Breed Spotlight: Glen of Imaal Terrier
Gentler, less excitable than most terriers, but still bold and spirited, the double-coated Glen of Imaal Terrier is named for one of Ireland's most remote locales. The brave but docile Glen is a strong, no-fuss dog built for hard work. Glens are scruffy, sturdy, low-slung terriers standing no more than 14 inches at the shoulder. There's nothing fancy or fussed-over about Glens.
Rather, their wiry no-frills coat, broad head, and bowed front legs suggest a working farm dog from a time and place where substance was more important than style. And yet, they're also ridiculously cute. It takes a heart of stone to resist reaching down to give a Glen a scratch behind the ear and a pat on the well-muscled rump.
The Glen of Imaal Terrier's weather-resistant double coat, consisting of a rough outer coat and a soft undercoat, requires moderate brushing weekly to prevent matting of the furnishings (the soft hair around the ears, neck, legs, and belly) and should also be stripped two or three times a year. They shed very little as a result of this effort. It does not take a great amount of time, and the bonding you achieve with your pup is well worth the time involved. Since Glens are a dwarf breed, a small but sturdy grooming table is a very good investment. It will make the process much easier for both of you. The nails should be trimmed regularly, and the ears checked weekly for debris or excess wax buildup.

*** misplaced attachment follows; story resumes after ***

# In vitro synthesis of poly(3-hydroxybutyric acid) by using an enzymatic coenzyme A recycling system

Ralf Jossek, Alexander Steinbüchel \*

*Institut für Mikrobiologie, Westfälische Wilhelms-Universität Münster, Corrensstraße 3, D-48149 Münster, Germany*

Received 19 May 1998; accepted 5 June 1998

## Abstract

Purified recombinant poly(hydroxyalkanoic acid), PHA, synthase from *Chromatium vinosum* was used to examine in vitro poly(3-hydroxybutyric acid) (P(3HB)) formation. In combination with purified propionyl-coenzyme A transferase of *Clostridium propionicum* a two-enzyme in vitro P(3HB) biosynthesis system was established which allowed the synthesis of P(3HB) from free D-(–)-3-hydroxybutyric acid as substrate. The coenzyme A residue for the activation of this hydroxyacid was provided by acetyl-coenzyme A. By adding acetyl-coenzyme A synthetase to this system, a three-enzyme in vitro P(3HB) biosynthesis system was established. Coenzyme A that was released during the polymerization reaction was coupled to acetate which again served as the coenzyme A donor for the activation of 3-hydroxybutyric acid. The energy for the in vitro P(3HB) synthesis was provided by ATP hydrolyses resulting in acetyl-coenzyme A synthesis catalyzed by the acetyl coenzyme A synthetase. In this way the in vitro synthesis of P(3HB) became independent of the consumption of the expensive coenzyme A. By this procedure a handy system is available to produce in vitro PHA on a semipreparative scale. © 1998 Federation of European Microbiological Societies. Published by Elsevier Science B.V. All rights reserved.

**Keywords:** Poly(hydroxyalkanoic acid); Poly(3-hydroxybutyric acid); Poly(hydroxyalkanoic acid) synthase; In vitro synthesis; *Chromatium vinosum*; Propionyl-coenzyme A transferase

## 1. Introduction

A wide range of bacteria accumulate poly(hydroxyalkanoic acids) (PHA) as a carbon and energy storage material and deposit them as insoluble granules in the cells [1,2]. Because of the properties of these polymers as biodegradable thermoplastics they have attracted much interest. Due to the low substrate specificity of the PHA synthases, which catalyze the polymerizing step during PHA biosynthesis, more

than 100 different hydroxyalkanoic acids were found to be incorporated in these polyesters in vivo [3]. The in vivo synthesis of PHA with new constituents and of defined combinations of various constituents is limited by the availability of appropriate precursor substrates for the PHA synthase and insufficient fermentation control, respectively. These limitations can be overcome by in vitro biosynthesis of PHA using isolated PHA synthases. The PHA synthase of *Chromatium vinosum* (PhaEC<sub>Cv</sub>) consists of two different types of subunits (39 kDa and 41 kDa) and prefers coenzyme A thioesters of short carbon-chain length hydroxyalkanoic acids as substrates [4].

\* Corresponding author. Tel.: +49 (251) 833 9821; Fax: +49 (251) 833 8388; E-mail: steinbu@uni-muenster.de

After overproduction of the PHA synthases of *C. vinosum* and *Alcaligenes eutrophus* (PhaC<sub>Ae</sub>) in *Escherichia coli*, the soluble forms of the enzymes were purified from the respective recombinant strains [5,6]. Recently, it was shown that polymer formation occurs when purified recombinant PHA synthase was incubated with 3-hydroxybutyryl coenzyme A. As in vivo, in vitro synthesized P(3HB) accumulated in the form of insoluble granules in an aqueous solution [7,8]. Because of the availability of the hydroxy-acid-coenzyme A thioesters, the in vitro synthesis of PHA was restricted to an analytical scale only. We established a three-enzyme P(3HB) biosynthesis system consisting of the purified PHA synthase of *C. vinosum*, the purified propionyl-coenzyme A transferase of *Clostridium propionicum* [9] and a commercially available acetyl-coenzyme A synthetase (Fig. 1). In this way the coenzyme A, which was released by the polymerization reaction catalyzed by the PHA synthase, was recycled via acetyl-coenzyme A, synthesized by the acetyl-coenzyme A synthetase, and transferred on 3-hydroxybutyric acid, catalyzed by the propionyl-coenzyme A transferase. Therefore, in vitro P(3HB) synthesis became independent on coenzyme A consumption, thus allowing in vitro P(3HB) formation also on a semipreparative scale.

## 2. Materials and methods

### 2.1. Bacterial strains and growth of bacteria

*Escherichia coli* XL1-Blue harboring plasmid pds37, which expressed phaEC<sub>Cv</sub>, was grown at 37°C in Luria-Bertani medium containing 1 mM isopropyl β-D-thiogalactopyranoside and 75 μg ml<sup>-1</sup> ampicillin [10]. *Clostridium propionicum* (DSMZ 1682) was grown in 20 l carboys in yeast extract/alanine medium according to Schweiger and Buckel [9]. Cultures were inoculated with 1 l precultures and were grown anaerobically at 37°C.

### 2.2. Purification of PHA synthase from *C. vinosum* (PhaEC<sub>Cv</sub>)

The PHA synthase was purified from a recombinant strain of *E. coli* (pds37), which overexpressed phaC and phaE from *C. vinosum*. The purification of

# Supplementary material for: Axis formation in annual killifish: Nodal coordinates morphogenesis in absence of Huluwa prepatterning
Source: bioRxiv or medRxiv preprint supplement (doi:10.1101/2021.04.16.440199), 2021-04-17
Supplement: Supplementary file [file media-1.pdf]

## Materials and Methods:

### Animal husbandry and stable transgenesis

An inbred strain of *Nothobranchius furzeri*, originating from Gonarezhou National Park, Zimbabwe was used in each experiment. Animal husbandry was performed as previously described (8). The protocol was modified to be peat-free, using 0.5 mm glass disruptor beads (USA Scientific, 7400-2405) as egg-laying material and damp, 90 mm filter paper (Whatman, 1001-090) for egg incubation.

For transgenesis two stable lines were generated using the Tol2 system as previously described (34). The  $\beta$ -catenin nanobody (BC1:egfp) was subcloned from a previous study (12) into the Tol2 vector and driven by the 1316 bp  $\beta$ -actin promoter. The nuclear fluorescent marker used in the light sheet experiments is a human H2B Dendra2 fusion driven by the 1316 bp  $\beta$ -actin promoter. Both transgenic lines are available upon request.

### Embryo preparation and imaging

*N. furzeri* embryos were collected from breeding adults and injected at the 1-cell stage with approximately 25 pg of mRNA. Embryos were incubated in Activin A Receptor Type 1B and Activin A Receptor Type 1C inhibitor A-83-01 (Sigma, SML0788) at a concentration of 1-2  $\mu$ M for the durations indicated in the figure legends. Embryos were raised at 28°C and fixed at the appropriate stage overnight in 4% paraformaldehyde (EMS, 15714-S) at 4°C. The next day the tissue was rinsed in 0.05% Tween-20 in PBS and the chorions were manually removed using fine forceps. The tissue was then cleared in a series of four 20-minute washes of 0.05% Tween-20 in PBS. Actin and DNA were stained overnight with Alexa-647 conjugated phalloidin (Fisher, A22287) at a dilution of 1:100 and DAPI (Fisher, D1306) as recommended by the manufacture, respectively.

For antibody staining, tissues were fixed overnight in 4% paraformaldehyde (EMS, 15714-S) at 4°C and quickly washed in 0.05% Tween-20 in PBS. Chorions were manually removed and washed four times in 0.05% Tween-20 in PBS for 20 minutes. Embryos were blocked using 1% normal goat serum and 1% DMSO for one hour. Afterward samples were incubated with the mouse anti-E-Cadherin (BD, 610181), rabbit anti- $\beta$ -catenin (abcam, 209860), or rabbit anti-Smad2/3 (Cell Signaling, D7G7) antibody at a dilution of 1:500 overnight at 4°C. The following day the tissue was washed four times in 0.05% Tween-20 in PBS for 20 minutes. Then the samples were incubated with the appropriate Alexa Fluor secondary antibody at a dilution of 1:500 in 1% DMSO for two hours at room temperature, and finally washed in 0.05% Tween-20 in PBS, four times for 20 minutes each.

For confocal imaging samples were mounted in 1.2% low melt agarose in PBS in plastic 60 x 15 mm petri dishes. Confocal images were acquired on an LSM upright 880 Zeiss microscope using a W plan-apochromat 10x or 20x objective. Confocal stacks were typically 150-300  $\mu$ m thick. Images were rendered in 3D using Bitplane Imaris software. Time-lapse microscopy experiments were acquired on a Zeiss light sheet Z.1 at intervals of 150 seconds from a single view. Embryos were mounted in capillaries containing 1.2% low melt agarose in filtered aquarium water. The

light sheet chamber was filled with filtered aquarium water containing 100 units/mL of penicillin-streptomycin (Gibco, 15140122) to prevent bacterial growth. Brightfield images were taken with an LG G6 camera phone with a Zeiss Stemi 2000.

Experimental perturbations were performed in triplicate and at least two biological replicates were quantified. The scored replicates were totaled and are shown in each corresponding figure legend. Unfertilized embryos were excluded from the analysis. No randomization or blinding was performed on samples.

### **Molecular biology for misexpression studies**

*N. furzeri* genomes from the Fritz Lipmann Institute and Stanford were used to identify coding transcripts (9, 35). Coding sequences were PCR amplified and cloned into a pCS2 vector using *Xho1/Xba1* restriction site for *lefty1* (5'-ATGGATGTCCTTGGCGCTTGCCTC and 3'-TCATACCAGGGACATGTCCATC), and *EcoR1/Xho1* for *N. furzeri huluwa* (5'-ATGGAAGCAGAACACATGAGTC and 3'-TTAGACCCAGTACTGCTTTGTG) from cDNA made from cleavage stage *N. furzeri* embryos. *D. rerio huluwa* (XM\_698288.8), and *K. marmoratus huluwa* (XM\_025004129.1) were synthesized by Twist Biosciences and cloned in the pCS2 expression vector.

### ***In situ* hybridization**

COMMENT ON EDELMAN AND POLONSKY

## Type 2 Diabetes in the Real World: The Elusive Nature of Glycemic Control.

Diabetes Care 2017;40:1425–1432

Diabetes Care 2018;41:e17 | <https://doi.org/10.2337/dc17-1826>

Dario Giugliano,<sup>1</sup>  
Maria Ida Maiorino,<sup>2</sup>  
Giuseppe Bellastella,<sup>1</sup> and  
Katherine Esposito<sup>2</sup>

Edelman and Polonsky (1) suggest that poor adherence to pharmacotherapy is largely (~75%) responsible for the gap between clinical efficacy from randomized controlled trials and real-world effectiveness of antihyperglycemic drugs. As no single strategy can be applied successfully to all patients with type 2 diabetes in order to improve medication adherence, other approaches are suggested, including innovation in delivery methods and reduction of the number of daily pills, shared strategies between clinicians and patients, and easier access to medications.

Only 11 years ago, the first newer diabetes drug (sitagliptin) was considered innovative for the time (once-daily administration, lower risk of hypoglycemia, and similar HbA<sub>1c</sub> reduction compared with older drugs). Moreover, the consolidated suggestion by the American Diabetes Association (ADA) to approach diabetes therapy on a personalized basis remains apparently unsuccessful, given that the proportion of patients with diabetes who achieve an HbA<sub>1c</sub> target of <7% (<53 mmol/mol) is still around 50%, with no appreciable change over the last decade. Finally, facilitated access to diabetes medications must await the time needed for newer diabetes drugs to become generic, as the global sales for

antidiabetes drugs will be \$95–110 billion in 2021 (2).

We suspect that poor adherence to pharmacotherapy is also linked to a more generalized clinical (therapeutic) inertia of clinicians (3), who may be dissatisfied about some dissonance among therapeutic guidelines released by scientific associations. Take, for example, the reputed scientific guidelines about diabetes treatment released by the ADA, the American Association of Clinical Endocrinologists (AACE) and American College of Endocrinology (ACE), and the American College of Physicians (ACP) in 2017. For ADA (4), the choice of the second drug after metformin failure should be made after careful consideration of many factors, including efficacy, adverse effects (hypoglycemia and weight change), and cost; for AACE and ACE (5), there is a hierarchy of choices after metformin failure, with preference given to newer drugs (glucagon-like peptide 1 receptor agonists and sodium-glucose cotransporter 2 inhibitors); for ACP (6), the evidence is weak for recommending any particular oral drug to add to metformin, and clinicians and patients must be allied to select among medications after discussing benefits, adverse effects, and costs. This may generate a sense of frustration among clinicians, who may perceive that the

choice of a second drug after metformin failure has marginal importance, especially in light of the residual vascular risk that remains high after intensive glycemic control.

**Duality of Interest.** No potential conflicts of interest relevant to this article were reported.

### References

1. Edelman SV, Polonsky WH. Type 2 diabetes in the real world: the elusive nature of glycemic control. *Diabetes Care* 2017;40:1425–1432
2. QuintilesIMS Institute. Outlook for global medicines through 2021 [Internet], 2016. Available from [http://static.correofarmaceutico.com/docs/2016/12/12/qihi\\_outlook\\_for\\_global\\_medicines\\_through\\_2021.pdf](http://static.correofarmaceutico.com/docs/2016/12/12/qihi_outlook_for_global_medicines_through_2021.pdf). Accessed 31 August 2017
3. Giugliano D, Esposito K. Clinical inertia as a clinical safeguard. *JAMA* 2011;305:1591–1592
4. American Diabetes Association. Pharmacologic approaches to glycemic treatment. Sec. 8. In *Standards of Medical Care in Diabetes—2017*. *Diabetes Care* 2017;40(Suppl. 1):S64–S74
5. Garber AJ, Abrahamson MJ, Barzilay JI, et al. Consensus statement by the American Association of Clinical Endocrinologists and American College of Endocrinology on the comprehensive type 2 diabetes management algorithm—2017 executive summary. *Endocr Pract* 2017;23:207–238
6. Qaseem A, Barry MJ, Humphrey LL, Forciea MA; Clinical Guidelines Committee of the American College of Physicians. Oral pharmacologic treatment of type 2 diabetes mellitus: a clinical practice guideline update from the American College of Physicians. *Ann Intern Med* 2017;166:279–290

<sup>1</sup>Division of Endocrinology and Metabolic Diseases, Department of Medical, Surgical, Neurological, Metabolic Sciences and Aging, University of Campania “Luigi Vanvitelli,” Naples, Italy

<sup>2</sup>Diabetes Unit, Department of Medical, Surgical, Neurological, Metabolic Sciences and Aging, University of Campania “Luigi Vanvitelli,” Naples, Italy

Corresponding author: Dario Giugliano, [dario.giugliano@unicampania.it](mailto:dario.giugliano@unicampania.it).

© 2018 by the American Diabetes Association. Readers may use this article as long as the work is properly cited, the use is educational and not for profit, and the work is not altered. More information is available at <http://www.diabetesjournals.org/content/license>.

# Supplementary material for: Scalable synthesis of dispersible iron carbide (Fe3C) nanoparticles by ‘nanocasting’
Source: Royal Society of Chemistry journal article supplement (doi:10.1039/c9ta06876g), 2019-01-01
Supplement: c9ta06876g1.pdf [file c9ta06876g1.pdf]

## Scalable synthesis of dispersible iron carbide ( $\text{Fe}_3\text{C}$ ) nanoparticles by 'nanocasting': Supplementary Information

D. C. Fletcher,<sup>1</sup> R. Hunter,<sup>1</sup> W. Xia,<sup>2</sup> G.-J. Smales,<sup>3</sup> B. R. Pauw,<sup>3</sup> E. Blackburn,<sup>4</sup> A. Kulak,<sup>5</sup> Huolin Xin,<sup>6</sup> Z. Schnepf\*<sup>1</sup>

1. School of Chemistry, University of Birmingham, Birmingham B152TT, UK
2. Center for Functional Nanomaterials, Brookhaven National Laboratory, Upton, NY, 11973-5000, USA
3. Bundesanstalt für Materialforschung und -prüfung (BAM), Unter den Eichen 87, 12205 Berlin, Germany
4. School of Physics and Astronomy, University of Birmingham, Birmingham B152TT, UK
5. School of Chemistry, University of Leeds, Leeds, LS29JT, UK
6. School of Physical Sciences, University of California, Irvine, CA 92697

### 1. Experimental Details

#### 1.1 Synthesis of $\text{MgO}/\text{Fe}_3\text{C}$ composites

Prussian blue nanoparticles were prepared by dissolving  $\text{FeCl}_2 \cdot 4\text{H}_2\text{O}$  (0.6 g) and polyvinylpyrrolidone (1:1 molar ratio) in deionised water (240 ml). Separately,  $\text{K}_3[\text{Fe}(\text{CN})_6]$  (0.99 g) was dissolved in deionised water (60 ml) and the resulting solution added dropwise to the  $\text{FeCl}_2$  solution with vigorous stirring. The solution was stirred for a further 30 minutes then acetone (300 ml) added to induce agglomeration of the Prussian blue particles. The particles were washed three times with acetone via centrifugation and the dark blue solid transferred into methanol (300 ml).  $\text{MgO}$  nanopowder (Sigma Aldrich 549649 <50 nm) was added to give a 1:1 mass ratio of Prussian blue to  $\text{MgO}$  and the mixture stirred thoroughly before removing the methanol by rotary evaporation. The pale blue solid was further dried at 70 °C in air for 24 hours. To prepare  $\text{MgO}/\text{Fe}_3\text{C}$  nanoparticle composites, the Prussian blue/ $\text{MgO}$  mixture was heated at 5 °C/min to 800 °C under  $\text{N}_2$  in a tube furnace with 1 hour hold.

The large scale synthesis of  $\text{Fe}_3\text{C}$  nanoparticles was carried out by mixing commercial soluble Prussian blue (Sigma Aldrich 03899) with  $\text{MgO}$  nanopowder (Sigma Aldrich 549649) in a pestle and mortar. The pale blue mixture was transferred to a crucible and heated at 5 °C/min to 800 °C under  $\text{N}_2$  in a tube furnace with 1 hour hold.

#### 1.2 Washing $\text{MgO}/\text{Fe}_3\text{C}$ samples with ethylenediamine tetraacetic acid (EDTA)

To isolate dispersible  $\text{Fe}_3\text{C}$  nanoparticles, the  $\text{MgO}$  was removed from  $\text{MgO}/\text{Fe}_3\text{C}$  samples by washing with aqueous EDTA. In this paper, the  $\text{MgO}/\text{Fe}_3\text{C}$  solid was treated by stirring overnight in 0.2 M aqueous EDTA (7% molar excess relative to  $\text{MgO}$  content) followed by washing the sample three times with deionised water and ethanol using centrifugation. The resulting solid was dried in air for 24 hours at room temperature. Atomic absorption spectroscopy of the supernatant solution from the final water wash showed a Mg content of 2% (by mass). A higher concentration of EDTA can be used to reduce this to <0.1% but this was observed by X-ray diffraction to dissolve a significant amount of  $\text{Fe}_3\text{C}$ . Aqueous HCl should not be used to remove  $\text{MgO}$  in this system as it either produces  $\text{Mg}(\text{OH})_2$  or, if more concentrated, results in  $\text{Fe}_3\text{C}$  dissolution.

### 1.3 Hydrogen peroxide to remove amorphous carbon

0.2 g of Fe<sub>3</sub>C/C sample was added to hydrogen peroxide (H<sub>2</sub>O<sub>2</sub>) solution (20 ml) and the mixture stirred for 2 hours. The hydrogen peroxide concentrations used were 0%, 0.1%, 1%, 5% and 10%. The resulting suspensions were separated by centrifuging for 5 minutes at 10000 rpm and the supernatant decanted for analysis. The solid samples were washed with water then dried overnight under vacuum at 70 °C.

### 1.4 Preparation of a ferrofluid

The Glen of Imaal Terrier should be fed high-quality dog food appropriate to the dog's age (puppy, adult, or senior) and activity level. Treats can be an important aid in training, but giving too many can cause obesity. Learn about which human foods are safe for dogs, and which are not. Check with your vet or the dog's breeder if you have any questions or concerns about your dog's weight or diet. Clean, fresh water should always be available.
A little more laid-back than the typical terrier, Glens require moderate exercise to stay healthy and happy. As a dwarf breed with slightly curved front legs, Glens should not be rushed into strenuous exercise such as long walks on a leash. It's good to start leash training, but keep the walks short and fun. A small handful of the pup's regular kibble can be used to reward him for staying close while on a leash. Let him run around the house or a fenced yard, perhaps chasing a toy or ball. He will flop down for a rest when he has had enough. Owners should prevent puppies from jumping off couches, going down steep stairs, or engaging in anything that might put undue stress on their growing front legs and joints. Pups need time for the growth plates in their legs to close before they do any jumping or start climbing or descending stairs. Going downstairs is more stressful on the front legs than going up. Some breeders have pups avoid stairs and jumping as much as possible until they are at least 9 months of age, as the growth plates will close sometime between 9 and 12 months. This is a normal part of the developmental process but especially important in dwarf breeds whose legs are short in relation to their body weight.